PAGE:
Picture of wind turbine against blue sky

Open Access research with a real impact...

The Strathprints institutional repository is a digital archive of University of Strathclyde research outputs.

The Energy Systems Research Unit (ESRU) within Strathclyde's Department of Mechanical and Aerospace Engineering is producing Open Access research that can help society deploy and optimise renewable energy systems, such as wind turbine technology.

Explore wind turbine research in Strathprints

Explore all of Strathclyde's Open Access research content

Trip coil signature analysis and interpretation for distribution circuit breaker condition assessment and diagnosis

Strachan, Scott and McArthur, S.D.J. and McDonald, J.R. and Leggat, William and Campbell, Angus (2005) Trip coil signature analysis and interpretation for distribution circuit breaker condition assessment and diagnosis. In: 18th International Conference and Exhibition on Electricity Distribution, 2005-06-06 - 2005-06-09.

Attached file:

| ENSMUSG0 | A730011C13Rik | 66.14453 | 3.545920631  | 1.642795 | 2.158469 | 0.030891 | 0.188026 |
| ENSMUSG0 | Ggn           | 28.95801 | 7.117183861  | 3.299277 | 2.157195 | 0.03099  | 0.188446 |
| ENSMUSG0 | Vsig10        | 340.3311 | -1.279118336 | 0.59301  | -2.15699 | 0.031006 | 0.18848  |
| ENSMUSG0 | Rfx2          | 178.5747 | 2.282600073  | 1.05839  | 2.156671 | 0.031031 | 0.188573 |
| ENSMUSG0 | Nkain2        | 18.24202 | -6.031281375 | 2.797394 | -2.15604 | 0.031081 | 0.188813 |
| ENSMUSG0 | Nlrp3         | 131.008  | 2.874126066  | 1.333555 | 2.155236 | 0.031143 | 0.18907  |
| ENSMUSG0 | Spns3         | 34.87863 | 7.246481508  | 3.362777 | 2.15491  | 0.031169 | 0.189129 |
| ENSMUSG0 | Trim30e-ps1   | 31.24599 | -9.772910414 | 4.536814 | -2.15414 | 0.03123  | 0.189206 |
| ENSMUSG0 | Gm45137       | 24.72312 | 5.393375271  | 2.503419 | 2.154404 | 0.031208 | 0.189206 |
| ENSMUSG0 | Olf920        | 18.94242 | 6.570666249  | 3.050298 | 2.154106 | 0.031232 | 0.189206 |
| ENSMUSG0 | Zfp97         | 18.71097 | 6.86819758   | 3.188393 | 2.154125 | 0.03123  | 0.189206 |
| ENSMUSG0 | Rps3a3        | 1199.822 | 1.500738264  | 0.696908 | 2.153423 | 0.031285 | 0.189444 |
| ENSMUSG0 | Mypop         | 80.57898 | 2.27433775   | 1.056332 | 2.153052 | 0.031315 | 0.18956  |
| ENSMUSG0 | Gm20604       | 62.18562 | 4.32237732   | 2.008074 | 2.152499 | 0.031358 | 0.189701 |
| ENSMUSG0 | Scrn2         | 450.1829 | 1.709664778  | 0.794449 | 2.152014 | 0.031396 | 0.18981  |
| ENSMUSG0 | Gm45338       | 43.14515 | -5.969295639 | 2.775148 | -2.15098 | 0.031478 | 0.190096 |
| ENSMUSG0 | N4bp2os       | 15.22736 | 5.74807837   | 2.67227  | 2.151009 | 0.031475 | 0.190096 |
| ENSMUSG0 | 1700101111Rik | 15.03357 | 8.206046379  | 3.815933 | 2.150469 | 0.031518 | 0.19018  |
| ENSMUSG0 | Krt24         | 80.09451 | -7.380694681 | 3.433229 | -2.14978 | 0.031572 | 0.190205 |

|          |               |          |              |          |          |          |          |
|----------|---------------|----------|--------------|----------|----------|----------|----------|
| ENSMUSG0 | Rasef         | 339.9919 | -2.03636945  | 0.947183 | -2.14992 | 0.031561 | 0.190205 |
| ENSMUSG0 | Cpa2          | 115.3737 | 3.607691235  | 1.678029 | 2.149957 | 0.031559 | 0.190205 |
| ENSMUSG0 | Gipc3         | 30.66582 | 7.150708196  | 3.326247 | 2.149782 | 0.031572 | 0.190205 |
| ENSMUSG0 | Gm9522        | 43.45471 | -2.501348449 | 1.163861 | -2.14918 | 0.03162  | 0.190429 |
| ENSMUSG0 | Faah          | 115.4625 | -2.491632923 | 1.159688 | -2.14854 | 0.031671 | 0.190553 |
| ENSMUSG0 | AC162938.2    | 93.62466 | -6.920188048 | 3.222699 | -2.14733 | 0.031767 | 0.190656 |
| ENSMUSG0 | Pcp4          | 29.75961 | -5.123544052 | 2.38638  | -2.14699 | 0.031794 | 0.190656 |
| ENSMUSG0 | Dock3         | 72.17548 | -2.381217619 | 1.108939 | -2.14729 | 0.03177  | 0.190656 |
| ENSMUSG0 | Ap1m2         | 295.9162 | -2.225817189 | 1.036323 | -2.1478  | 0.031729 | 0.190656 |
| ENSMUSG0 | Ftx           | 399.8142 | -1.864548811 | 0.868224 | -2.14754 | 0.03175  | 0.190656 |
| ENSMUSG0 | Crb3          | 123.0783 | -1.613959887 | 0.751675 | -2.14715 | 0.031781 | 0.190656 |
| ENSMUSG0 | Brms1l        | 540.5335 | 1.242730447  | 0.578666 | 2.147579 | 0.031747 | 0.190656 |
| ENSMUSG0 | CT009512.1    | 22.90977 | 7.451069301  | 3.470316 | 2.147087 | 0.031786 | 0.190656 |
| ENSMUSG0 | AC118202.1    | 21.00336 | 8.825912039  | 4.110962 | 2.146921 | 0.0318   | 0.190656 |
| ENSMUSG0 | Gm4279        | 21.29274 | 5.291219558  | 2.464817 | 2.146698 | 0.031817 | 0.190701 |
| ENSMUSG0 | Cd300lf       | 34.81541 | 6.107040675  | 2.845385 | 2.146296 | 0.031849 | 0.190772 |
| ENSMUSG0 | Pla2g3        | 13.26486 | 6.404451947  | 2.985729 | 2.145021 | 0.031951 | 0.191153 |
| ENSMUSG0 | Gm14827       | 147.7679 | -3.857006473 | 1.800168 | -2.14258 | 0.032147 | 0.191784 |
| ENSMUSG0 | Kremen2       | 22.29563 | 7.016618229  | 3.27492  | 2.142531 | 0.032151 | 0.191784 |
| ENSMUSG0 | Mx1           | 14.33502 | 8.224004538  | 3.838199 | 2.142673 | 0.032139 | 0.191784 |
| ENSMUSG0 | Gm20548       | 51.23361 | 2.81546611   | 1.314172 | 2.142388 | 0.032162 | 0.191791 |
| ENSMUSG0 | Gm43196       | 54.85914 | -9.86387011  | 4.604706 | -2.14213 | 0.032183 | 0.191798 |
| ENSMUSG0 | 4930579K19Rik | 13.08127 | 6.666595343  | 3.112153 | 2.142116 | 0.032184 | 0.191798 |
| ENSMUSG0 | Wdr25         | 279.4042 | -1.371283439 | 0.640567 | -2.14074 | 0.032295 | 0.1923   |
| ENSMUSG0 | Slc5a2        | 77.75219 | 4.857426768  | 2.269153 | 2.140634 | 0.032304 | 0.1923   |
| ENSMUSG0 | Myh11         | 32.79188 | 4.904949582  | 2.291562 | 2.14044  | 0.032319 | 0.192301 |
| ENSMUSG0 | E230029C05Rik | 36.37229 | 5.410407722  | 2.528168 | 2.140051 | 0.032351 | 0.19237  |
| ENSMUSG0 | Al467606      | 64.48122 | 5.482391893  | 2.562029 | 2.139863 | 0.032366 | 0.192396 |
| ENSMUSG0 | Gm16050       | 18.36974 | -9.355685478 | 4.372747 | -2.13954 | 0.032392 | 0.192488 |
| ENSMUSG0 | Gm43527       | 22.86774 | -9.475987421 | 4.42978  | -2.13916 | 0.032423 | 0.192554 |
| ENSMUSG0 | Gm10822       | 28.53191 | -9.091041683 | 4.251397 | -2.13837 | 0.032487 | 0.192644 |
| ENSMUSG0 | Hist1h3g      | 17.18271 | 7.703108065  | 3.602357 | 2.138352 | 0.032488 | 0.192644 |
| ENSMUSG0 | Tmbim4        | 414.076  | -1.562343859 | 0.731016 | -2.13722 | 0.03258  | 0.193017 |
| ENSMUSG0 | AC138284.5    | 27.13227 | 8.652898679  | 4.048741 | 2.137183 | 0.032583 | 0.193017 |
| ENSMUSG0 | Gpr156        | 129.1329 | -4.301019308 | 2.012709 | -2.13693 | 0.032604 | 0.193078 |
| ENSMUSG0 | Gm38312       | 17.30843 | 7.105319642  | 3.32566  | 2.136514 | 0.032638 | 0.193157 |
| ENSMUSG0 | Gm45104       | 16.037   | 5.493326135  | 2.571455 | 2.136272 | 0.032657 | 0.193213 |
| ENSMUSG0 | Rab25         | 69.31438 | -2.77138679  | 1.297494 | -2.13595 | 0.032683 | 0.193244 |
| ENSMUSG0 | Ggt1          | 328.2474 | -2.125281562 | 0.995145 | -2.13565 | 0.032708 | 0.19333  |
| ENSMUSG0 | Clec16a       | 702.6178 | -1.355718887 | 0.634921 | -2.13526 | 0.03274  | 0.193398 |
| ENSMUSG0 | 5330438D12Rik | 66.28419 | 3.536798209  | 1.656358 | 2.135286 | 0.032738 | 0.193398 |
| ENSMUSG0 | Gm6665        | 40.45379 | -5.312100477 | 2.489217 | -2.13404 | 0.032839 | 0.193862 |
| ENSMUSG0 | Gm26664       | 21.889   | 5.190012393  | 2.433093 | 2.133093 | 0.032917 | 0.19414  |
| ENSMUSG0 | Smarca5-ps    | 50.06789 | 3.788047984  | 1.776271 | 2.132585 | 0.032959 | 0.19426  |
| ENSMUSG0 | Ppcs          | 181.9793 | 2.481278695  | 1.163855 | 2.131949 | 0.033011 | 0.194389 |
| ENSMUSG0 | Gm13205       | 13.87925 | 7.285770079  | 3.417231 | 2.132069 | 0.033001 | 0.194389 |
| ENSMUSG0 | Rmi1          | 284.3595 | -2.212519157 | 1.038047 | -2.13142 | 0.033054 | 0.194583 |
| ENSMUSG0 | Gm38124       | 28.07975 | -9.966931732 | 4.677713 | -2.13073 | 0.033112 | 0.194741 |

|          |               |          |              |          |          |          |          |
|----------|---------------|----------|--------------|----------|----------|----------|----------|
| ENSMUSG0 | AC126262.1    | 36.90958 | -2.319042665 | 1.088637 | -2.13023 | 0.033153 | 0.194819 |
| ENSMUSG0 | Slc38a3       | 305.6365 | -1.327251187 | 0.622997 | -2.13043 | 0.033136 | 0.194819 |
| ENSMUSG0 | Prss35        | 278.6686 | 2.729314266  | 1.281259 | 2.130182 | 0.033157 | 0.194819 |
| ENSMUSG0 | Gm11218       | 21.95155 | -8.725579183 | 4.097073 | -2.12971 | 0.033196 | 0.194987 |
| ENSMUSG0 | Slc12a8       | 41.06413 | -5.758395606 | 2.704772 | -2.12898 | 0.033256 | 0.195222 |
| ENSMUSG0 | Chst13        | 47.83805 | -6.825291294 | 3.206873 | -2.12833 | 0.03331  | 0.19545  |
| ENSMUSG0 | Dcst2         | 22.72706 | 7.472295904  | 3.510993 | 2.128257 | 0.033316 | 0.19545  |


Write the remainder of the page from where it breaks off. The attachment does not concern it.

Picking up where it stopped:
Full text not available in this repository. (Request a copy from the Strathclyde author)

Abstract

A circuit breaker may be considered an ‘active link’, used to make and break an electrical circuit under conditions of varying severity. In the event of a circuit fault the circuit breaker must respond within tens of milliseconds in order to prevent damage to connected plant and safeguard personnel. As such, a circuit breaker will remain idle for the bulk of its lifetime, only being called into action periodically to interrupt load or fault current. This makes the circuit breaker one of the most safety critical, yet most unpredictable plant items on the power network. In addition, circuit breaker mal-operations account for a significant proportion of Customer Minutes Lost (CMLs), Customer Interruptions (CIs), plant replacement costs and safety issues. Conflicting regulatory and economic pressures to improve the performance, reliability and longevity of these, and other major plant items while reducing maintenance costs have forced many utilities to reassess their asset management and maintenance strategies [1]. This has led to significant investment in novel condition monitoring technologies, which in turn precipitate the need for new methods of analysing and interpreting new forms and increasing volumes of plant data.